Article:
http://uk.weather.com/climate/annualClimo-...KXX0250?month=1

that's the best I can find for Inverness. As you say though not massively reliable and I find the weather.co.uk data a bit dubious.

It has to be said though that the two most important factors in the UK for cold are distance from the sea and altitude, followed by latitude. Hence why parts of East Anglia are colder than coastal places in the NE. Inverness is probably about the same as Aberdeen etc.

It's hard to imagine Leeds being colder even though I still think it's the coldest in England.

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Posted
  • Location: Inbhir Nis / Inverness - 636 ft asl
  • Weather Preferences: Freezing fog, frost, snow, sunshine.
  • Location: Inbhir Nis / Inverness - 636 ft asl
http://uk.weather.com/climate/annualClimo-...KXX0250?month=1

that's the best I can find for Inverness. As you say though not massively reliable and I find the weather.co.uk data a bit dubious.

It has to be said though that the two most important factors in the UK for cold are distance from the sea and altitude, followed by latitude. Hence why parts of East Anglia are colder than coastal places in the NE. Inverness is probably about the same as Aberdeen etc.

It's hard to imagine Leeds being colder even though I still think it's the coldest in England.

I agree that Leeds is probably the coldest in England. I just find it frustrating that Inverness has to cope with a lack of sound meteorological data :lol:

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Posted
  • Location: Langtoft. East Riding of Yorkshire. 70m amsl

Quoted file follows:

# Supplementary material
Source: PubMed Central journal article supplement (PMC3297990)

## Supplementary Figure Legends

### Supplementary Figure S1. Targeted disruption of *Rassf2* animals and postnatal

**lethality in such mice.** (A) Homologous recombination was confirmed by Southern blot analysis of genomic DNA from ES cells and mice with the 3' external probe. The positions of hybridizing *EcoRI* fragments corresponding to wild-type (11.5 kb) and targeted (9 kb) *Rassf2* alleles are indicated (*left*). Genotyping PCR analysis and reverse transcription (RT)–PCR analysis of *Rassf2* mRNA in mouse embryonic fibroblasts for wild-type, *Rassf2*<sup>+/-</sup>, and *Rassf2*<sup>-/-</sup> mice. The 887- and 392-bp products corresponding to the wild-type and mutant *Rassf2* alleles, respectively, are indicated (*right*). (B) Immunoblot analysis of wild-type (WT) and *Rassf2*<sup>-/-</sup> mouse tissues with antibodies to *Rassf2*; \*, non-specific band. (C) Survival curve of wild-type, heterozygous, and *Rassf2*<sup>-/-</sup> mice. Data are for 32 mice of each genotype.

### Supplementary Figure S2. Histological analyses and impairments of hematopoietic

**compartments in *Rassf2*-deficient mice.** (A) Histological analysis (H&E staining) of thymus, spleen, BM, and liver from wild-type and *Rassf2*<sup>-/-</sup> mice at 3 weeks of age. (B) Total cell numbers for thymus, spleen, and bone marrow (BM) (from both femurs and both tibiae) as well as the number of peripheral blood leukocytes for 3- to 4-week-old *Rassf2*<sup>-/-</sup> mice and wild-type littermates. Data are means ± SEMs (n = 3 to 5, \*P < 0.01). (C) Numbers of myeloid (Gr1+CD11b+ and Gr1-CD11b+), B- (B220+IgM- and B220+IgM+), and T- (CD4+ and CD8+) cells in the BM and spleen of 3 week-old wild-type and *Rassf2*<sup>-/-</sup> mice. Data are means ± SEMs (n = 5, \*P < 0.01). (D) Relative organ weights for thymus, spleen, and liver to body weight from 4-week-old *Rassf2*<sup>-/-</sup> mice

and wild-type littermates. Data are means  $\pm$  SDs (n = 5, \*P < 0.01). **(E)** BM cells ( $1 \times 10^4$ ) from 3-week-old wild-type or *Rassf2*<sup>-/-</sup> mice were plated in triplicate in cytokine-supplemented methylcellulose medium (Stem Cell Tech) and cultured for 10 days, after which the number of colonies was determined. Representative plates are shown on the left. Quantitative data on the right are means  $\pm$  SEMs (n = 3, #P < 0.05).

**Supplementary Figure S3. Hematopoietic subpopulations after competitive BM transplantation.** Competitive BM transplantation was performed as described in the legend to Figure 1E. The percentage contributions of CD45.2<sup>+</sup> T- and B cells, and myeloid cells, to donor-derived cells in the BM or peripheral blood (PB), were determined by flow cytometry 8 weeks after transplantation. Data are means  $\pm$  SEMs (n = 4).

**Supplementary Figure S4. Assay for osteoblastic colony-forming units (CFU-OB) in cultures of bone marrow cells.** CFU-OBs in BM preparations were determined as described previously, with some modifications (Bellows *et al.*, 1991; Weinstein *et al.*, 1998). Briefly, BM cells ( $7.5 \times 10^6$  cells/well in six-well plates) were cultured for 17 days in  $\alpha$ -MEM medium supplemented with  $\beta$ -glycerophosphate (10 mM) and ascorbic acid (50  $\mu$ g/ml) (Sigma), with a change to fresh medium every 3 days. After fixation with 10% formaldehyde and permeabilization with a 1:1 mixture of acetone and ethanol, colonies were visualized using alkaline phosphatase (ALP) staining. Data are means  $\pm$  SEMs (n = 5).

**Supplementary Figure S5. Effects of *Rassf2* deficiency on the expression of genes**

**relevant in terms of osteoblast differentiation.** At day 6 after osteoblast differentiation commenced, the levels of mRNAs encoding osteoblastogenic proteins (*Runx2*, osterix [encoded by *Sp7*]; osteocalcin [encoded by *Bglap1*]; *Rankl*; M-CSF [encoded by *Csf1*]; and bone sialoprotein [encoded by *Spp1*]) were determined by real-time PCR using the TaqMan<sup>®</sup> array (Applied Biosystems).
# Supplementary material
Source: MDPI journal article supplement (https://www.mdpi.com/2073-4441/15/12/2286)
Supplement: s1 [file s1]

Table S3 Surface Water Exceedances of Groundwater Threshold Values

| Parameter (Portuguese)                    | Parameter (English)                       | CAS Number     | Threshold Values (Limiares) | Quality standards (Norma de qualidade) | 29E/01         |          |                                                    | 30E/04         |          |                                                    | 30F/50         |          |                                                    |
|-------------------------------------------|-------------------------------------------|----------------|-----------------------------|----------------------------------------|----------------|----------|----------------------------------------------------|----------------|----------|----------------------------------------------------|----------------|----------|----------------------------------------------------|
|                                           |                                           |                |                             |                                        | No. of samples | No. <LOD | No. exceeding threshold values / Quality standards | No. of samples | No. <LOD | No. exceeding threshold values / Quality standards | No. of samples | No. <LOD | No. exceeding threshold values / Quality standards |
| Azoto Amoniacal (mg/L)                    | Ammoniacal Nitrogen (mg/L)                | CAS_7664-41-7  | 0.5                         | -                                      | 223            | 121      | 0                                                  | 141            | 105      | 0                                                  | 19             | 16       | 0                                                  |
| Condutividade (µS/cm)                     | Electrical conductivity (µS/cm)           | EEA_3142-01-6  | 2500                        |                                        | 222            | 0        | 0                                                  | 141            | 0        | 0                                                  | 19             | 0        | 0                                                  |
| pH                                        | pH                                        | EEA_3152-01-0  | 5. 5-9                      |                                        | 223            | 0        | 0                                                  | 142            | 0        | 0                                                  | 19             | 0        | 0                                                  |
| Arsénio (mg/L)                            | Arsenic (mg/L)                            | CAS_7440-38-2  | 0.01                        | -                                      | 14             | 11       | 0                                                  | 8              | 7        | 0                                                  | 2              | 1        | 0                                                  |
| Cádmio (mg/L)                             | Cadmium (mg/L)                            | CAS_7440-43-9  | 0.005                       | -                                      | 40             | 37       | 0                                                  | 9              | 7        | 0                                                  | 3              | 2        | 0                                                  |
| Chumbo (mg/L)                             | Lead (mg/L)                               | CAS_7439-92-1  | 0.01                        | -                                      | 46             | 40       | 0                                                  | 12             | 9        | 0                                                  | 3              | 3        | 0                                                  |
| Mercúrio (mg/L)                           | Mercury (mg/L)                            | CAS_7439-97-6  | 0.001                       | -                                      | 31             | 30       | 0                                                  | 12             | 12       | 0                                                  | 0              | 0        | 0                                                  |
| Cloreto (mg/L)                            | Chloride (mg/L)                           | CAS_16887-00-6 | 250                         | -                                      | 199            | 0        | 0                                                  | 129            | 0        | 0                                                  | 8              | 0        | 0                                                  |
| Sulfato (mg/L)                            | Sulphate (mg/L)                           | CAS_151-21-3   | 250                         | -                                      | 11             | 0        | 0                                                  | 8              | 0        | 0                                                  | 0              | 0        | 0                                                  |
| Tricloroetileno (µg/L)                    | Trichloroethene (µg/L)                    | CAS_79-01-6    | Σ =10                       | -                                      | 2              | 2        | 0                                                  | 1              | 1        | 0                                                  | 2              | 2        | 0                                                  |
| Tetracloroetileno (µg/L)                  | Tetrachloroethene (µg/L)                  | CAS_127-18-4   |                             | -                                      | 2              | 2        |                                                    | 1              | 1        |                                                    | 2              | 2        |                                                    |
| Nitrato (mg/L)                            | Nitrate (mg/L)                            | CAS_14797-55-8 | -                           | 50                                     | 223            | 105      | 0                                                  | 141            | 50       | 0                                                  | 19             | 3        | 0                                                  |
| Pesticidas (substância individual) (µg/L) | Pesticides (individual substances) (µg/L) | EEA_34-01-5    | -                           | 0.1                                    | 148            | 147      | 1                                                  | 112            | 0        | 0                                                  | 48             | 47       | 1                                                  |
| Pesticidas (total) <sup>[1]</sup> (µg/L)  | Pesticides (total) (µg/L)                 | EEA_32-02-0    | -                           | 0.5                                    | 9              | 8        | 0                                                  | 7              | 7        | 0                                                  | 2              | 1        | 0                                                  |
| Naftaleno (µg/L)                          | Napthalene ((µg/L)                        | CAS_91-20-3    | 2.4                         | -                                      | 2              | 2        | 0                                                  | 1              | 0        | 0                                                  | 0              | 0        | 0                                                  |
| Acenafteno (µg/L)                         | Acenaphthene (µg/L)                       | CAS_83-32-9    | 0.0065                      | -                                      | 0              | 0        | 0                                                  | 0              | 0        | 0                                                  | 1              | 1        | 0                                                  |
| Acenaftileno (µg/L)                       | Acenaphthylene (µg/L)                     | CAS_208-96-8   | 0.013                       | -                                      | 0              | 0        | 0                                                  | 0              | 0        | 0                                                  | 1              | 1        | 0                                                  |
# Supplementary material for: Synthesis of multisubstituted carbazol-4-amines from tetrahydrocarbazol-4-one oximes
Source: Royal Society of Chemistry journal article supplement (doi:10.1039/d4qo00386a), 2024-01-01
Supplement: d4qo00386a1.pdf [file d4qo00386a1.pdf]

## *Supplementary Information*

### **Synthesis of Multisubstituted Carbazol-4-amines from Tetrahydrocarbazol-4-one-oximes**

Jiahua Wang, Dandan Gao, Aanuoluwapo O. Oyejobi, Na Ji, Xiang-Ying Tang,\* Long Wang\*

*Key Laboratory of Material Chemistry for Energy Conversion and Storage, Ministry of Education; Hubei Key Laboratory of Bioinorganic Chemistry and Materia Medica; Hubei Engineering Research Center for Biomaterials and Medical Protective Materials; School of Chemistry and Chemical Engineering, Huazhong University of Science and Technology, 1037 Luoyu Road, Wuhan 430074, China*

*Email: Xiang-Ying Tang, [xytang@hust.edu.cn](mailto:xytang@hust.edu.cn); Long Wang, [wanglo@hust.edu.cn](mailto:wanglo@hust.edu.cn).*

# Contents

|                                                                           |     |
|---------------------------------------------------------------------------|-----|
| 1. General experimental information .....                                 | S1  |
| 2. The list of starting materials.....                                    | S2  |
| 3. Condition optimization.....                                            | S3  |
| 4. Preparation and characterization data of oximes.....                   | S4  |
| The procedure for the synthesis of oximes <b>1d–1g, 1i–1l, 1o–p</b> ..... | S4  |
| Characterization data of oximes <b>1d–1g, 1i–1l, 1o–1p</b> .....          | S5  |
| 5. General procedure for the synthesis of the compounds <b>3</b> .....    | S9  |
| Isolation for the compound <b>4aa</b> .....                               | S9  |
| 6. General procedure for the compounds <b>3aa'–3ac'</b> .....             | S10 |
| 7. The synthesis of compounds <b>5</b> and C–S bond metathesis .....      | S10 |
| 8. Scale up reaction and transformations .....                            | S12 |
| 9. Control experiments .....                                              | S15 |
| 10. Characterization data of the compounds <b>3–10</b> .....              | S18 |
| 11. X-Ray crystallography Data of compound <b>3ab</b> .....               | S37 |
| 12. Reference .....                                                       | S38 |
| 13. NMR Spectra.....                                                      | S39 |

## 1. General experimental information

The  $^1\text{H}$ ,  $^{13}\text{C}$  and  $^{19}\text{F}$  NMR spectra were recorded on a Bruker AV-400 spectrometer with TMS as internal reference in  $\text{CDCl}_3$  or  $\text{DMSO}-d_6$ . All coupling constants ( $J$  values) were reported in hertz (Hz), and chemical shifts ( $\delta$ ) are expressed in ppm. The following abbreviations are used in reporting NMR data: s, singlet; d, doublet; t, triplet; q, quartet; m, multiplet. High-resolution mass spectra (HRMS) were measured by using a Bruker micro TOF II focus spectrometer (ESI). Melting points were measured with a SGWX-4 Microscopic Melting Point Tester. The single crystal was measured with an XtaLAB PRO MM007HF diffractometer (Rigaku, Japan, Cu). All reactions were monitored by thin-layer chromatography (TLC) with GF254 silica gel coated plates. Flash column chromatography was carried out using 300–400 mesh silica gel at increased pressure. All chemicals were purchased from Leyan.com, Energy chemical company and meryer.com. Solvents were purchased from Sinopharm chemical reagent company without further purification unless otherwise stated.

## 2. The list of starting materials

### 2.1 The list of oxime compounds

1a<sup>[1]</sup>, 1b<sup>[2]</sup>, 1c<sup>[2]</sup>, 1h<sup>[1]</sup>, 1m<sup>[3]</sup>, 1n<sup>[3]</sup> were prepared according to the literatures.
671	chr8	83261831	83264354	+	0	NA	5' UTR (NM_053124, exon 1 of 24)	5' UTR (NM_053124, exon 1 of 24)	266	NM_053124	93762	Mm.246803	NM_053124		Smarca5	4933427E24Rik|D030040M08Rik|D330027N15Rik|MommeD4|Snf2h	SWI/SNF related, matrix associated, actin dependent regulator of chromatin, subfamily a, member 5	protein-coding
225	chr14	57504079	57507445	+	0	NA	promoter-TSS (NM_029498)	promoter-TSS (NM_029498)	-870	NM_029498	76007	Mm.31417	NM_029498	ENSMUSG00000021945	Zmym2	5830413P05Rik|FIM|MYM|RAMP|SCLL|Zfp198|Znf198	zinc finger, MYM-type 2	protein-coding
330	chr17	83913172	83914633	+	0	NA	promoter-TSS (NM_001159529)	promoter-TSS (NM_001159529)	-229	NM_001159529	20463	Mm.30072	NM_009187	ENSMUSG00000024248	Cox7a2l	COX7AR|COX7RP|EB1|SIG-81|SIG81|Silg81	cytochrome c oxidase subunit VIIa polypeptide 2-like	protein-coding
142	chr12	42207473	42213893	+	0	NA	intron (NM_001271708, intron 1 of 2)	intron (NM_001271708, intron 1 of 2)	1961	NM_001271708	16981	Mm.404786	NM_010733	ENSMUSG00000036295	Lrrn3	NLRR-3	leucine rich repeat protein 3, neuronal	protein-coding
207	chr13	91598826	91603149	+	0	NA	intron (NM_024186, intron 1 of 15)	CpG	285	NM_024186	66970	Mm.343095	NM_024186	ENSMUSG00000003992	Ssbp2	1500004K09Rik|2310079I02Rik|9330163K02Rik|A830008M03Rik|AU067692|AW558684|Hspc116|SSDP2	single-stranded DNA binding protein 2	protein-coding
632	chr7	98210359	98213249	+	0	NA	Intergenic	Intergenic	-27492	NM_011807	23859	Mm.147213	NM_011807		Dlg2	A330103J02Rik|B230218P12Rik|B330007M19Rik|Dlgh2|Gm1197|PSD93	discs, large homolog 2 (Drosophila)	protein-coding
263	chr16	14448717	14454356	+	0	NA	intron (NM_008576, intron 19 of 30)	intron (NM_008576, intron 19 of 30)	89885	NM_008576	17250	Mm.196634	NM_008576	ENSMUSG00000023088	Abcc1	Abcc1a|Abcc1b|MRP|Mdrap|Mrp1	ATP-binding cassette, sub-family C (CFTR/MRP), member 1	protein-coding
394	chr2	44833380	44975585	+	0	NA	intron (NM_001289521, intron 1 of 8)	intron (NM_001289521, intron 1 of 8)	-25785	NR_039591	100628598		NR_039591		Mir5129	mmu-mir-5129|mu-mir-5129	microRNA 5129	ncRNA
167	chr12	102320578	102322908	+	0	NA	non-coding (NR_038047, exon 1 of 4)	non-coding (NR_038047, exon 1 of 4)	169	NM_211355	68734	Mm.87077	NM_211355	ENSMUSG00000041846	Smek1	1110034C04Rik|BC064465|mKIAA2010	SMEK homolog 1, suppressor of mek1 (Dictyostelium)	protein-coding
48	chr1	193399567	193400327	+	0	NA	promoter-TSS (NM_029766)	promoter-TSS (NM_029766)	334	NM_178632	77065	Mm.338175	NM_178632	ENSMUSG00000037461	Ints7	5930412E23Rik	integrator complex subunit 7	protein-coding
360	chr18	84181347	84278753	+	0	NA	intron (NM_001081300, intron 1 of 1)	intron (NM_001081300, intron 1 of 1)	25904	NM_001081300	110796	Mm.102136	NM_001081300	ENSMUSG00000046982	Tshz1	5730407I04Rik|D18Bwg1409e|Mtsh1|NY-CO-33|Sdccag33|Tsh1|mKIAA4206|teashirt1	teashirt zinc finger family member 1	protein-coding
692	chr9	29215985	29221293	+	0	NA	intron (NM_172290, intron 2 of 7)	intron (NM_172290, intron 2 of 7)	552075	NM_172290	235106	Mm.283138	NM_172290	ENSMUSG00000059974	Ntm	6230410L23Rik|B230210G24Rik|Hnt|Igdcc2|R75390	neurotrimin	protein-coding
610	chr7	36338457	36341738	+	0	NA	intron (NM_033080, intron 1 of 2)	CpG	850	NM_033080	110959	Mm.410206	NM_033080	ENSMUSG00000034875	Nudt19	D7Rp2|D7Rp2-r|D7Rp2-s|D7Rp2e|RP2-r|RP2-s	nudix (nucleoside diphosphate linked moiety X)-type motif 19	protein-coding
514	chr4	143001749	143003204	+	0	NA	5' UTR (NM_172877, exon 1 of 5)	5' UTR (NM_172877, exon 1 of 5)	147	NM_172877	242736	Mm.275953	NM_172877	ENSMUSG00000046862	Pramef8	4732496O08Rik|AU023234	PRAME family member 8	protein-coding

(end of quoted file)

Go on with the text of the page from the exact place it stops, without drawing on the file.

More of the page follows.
• Location: Langtoft. East Riding of Yorkshire. 70m amsl
I agree that Leeds is probably the coldest in England. I just find it frustrating that Inverness has to cope with a lack of sound meteorological data :lol:

I wouldn't agree that Leeds is the coldest English City. Bradford and Sheffield are both higher and snowier than Leeds. It depends where you take the recording from eg is is fair to use Leeds/Bradford airport for Leeds? I don't think so.

Bradord or Sheffield for me.

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Posted
  • Location: Lincoln, Lincolnshire
  • Weather Preferences: Sunshine, convective precipitation, snow, thunderstorms, "episodic" months.
  • Location: Lincoln, Lincolnshire

It's a tough one to call. For coldest city in England in winter, my guesses are Sheffield or Durham, it must be pretty close between the two. Newcastle, Leeds and Bradford will also be among the coldest but due to lower altitude will be a little warmer.

Taking the year as a whole the coldest city in England is probably Newcastle or Durham due to the cool summers. Average summer maximum temperatures at Leeds are 2C highter than at Durham, and 2.5 to 3C higher than at Sunderland. Sunderland will have the lowest average maximum, but more than offset by a higher average minimum, due to being on the coast.

For the coldest city in Britain, I reckon Inverness probably has the coldest winters due to lower minima than coastal Aberdeen, but that Aberdeen, with its cool summers, will be the coldest city averaged over the year.

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Posted
  • Location: Inbhir Nis / Inverness - 636 ft asl
  • Weather Preferences: Freezing fog, frost, snow, sunshine.
  • Location: Inbhir Nis / Inverness - 636 ft asl
Bonnie Dundee?

Dundee is third coldest in Scotland, after Aberdeen and Inverness by about 1'C. It's daytime max is a bit higher. Good snow events in the old Dundee occasionally though! :lol:

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Posted
  • Location: South Pole
  • Location: South Pole
Let's get a few things clear!

York is at 15m and whilst during an inversion can be very cold, it's not as cold as Leeds, which is generally 100-200m. It's also far inland, away from the coast. As for maximum 7 minimum 3 that is rubbish! At a very accurate site which provides decimals:

http://wwis.aemet.es/010/c00039.htm

As you can see, maximum 5.8 minimum 0.3.